He appealed against his conviction with the US Supreme Court, which quashed the conviction on the basis that, keeping to first and the 14th amendment to the US constitution, the state may not ‘make the simple public display… of this single four-letter expletive a criminal offence.’
The court reasoned: ‘To many, the immediate consequence of this freedom [of expression] may often appear to be only verbal tumult, discord, and even offensive utterance… That the air may at times seem filled with verbal cacophony is, in this sense not a sign of weakness but of strength.’ The court suggested that a strong society is one that allows for, and even protects, dissident voices.
Protest slogans can also be witty, having already been vulgar. In the 1990s, during the time of Slobodan Milošević, people, who threw eggs at state buildings, would say, ‘Why are only eggs? Give them what’s in between’, where the words ‘eggs’ has double-meaning word-play in an obscene reference to testicles.
The current protests of school and college students, too, have produced witty slogans: ‘Uncle Cop, don’t frighten me with arms to keep, I have a weapon to manufacture humans’ (Pulish ankel, amake manush marar astra dekhaben na, amar kachhe manush tairir astra achhe), referring to education. Others are: ‘Let students attend to roads for now. Mr Minister, send the police for schooling’ (Chhatrader apatata rasta samlate din, mantri, pulishke skule pathan shikshita karte); and ‘When teachers have no canes in hand, why do the police hold truncheons?’ (Shikshaker beter bari nishedh ye deshe, pulisher hate keno lathi sei deshe?).
But the protesters have also showed sparkle of genius in using literary slogans. The most beautiful among them is ‘Yadi tumi bhay pao, tabe tumi shesh | Yadi tumi rukhe danrao, tabe tumi Bangladesh’ (Frightened, you crumble; if you rise up, you’re Bangladesh). The most-talked about slogan of the protesters, who have checked vehicle fitness certificates and driver’s licence which resulted in congestion, is ‘Rasta bandha. Rashtra Meramater Kaj Chalchhe’ (Road closed. State repair work in progress), with the addition of ‘Samayik asubidhar janye duhkhita’ (Sorry for the temporary inconvenience) or its variants ‘Hanten, hant-te thaken. Rasta Bandha. Rashtrer meramater kaj chalchhe’ (Walk, walk down. Road closed. State repair work in progress) and ‘47 bachharer purano rashtra meramater kaj chalchhe’ (Repair work of 47-year-old state in progress). The protesters have also used lines from Nabarun Bhattacharya’s: ‘Ekta kathay phulki ure shukno ghase parbe kabe? Sara shahar uthal-pathal, bhishan rage yuddha habe.’ (When will a spark fly on the dry grass at a single utterance? A fight will spread across the town with great fury.)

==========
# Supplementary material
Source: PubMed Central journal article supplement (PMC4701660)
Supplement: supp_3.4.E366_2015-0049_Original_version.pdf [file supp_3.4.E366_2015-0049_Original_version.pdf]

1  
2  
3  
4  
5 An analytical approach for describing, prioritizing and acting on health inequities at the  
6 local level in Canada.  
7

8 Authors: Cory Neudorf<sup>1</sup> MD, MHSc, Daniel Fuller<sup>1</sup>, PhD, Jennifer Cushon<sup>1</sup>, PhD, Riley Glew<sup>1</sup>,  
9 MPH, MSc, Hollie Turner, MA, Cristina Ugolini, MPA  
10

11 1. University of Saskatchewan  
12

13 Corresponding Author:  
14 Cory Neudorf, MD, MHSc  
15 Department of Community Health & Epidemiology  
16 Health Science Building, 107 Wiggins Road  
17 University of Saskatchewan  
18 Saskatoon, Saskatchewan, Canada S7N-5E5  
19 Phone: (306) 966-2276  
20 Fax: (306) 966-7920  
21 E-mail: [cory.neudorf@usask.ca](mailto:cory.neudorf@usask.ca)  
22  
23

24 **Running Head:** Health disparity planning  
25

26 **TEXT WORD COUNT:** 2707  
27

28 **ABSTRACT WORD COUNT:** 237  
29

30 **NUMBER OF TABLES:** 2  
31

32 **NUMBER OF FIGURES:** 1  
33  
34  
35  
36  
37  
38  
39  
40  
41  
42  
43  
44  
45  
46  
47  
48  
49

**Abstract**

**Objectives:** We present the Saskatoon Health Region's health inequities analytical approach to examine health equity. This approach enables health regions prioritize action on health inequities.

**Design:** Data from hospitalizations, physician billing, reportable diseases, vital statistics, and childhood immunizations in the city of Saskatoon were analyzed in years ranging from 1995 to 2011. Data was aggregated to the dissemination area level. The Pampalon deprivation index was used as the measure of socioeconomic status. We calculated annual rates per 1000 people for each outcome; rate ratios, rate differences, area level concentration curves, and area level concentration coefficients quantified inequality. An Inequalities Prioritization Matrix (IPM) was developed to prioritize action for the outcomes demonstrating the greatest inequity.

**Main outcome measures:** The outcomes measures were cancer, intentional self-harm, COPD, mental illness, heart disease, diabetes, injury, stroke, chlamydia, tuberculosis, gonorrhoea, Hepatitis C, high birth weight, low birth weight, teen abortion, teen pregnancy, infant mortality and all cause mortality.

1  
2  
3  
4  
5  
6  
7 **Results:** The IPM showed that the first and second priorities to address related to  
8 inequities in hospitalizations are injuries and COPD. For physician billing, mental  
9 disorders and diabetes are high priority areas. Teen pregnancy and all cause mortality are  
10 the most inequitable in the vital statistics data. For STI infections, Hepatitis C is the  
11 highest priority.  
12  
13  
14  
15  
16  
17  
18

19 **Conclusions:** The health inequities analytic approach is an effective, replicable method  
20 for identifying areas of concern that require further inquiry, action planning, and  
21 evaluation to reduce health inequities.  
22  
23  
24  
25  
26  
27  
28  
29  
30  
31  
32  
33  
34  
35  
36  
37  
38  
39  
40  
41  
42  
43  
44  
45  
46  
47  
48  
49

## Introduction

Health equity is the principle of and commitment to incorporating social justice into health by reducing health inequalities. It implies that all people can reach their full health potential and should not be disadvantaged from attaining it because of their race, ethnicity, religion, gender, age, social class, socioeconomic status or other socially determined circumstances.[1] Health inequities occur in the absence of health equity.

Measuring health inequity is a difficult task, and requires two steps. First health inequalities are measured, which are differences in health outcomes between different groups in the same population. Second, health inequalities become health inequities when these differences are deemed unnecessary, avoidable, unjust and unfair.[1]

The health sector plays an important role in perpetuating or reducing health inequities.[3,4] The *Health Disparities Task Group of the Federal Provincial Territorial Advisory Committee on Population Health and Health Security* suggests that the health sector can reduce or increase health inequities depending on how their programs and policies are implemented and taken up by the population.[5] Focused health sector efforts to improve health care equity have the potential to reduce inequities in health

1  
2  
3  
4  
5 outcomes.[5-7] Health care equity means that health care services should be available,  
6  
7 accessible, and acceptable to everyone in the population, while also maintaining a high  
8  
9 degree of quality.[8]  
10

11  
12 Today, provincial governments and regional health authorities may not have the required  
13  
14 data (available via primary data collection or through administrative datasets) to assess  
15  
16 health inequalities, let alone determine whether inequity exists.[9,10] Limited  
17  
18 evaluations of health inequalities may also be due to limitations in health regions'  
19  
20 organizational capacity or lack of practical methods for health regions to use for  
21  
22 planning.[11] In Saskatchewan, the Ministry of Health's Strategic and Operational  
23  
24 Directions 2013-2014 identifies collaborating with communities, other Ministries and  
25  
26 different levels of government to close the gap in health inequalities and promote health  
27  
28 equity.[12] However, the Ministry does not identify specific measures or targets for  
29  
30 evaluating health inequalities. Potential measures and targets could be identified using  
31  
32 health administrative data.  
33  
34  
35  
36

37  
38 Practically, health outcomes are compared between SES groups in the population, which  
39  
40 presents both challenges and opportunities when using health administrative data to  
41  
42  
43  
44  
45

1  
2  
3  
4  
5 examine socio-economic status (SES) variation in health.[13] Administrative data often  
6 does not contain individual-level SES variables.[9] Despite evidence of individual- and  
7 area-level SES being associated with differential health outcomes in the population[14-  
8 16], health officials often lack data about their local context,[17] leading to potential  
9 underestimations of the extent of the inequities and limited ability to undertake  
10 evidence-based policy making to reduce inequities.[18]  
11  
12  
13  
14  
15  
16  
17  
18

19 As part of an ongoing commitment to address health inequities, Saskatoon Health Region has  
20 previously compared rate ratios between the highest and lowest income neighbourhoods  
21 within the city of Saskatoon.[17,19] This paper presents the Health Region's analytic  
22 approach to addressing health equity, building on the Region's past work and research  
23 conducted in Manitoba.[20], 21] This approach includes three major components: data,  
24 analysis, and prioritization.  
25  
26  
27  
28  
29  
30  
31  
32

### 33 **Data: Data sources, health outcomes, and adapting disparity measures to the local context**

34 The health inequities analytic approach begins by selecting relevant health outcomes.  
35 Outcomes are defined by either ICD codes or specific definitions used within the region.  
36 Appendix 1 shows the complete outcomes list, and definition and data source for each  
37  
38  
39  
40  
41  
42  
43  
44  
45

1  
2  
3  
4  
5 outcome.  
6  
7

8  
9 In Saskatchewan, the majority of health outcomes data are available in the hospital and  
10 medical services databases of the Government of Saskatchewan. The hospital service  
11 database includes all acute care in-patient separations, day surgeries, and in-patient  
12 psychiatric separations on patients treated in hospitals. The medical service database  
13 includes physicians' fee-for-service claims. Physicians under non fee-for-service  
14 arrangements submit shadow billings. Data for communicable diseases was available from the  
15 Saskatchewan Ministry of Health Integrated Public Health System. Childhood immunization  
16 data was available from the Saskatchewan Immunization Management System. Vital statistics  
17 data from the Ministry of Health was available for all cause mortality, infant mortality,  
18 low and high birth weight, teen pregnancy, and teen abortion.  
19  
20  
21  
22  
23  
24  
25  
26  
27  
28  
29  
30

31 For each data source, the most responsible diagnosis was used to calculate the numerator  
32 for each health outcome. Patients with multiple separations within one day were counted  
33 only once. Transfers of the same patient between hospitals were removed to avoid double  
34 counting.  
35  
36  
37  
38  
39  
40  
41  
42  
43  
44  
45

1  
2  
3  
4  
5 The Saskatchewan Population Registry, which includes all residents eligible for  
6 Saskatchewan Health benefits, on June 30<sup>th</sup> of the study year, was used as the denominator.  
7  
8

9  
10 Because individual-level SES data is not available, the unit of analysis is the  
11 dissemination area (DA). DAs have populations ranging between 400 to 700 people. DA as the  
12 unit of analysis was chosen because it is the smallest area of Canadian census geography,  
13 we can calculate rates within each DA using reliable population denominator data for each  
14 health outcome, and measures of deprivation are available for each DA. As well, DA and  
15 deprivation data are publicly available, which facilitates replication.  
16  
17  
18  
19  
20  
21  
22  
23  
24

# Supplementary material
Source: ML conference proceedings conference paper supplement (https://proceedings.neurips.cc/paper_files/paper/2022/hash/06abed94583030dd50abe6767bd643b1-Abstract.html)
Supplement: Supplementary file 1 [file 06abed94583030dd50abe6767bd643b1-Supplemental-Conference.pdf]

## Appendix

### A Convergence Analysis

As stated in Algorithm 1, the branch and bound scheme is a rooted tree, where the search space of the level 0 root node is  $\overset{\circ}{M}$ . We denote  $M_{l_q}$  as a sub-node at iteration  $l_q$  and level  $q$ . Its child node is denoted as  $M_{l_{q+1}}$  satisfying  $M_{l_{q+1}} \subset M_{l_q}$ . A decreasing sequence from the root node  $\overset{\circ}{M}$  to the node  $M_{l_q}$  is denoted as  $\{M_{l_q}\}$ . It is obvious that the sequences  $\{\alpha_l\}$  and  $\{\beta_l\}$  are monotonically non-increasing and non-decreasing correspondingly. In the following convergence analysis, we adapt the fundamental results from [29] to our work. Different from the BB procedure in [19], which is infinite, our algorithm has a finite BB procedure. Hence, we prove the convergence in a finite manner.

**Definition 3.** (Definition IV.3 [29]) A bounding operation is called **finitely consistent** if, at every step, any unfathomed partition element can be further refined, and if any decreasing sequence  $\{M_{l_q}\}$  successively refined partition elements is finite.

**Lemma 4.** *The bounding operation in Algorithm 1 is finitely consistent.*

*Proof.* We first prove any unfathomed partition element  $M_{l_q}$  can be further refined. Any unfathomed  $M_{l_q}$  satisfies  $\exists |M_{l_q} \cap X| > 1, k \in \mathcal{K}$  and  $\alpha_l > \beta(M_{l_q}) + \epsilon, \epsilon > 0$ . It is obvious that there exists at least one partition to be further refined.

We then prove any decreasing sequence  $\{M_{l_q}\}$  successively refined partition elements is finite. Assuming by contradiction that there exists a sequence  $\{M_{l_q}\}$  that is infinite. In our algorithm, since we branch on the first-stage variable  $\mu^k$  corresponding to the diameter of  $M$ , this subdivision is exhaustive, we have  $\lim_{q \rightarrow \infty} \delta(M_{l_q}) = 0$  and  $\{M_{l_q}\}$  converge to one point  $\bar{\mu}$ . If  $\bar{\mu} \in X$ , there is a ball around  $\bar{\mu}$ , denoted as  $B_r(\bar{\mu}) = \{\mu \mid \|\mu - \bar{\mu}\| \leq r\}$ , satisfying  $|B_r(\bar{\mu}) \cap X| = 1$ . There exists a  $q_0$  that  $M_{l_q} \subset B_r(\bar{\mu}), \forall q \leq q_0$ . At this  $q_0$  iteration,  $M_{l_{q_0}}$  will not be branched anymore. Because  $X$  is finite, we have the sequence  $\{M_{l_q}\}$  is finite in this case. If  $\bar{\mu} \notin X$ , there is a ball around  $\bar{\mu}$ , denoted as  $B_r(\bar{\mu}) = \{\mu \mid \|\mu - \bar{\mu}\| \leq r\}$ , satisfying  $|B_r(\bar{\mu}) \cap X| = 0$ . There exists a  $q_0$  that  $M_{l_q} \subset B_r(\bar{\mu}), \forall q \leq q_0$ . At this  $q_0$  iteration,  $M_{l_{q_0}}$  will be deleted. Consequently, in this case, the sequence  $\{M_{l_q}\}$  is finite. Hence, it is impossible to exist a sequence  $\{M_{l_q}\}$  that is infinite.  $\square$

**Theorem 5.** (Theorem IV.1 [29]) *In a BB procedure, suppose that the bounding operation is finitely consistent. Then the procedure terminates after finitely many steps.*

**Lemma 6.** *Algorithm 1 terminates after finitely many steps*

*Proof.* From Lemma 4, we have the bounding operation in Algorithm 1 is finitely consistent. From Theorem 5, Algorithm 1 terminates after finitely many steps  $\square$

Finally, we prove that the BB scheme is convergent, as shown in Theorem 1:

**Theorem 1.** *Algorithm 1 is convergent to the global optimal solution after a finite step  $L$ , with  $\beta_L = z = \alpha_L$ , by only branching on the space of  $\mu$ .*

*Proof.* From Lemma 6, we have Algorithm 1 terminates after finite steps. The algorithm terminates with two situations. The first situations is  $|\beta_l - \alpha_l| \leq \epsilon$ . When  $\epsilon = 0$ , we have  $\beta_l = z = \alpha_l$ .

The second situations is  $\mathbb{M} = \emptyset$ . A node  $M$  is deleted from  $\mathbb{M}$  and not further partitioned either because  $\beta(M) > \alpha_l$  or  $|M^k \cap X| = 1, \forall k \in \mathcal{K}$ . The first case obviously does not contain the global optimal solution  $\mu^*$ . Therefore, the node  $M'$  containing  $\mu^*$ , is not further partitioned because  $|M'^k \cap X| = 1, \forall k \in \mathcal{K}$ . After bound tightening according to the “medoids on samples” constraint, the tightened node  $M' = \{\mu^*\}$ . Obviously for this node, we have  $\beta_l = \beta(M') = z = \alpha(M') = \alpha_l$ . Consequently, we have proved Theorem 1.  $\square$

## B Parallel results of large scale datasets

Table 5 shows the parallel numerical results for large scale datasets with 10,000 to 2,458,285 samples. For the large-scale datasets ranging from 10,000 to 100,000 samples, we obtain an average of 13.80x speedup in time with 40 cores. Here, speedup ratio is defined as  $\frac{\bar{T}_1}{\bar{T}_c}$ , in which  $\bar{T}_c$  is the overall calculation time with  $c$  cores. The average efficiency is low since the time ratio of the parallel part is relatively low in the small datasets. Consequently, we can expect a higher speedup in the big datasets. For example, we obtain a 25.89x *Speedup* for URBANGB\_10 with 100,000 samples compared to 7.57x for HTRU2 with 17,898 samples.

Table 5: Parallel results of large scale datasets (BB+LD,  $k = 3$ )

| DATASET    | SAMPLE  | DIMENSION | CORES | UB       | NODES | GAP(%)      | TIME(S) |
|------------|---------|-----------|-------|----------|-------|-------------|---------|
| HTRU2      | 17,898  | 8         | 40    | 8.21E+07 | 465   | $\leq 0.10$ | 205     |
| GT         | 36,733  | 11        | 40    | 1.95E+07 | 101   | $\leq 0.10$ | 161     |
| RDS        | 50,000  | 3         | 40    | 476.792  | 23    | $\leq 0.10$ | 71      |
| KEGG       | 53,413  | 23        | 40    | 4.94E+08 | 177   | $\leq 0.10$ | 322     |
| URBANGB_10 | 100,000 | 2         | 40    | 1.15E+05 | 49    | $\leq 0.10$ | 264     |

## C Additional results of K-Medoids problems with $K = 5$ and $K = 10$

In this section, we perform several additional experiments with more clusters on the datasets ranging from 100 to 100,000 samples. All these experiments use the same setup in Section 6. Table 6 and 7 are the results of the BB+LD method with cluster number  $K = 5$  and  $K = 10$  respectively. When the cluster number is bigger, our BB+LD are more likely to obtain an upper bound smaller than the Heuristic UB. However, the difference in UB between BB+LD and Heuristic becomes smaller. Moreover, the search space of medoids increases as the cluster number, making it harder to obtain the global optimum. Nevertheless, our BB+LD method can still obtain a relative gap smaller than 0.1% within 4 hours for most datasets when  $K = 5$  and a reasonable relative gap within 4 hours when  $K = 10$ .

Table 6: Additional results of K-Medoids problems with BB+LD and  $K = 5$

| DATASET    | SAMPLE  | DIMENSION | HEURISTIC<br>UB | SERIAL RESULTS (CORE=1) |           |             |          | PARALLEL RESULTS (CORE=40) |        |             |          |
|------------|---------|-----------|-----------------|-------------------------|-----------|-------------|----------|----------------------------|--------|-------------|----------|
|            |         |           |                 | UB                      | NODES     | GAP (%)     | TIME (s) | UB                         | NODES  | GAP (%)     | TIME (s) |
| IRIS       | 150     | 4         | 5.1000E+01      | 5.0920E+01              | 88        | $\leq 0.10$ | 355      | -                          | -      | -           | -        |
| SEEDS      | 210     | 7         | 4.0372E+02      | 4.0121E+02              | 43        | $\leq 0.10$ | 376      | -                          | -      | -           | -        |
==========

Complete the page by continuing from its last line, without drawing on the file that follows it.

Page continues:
For utterances to have impact, they have to be swear words, even without being offensive. An illustration of it is in The Crab with the Golden Claws (Le Crabe aux pinces d’or), by Hergé, where courageous young reporter Tintin and Captain Haddock are surrounded by bandits. As Haddock’s bottle of whiskey is shot to pieces by the attackers, he becomes enraged and repeatedly utters swear words. The comic is meant for children and the swear words are harmless: ‘mille milliards de mille sabords’, translated into English as ‘billions of blistering blue barnacles.’ Swear words are so powerful that the bandits in the Arab land, who are not supposed to understand French, flee into the desert.
An inappropriate use of vulgar or swear words may have devastating social consequences, but when the students want justice, that too for a national cause, it is not that inappropriate to use vulgar words to evoke force and to elicit awe, which the slang and vulgar expressions, in the case at hand, have done, effectively, proliferating themselves and affecting the masses.
Abu Jar M Akkas is deputy editor at New Age.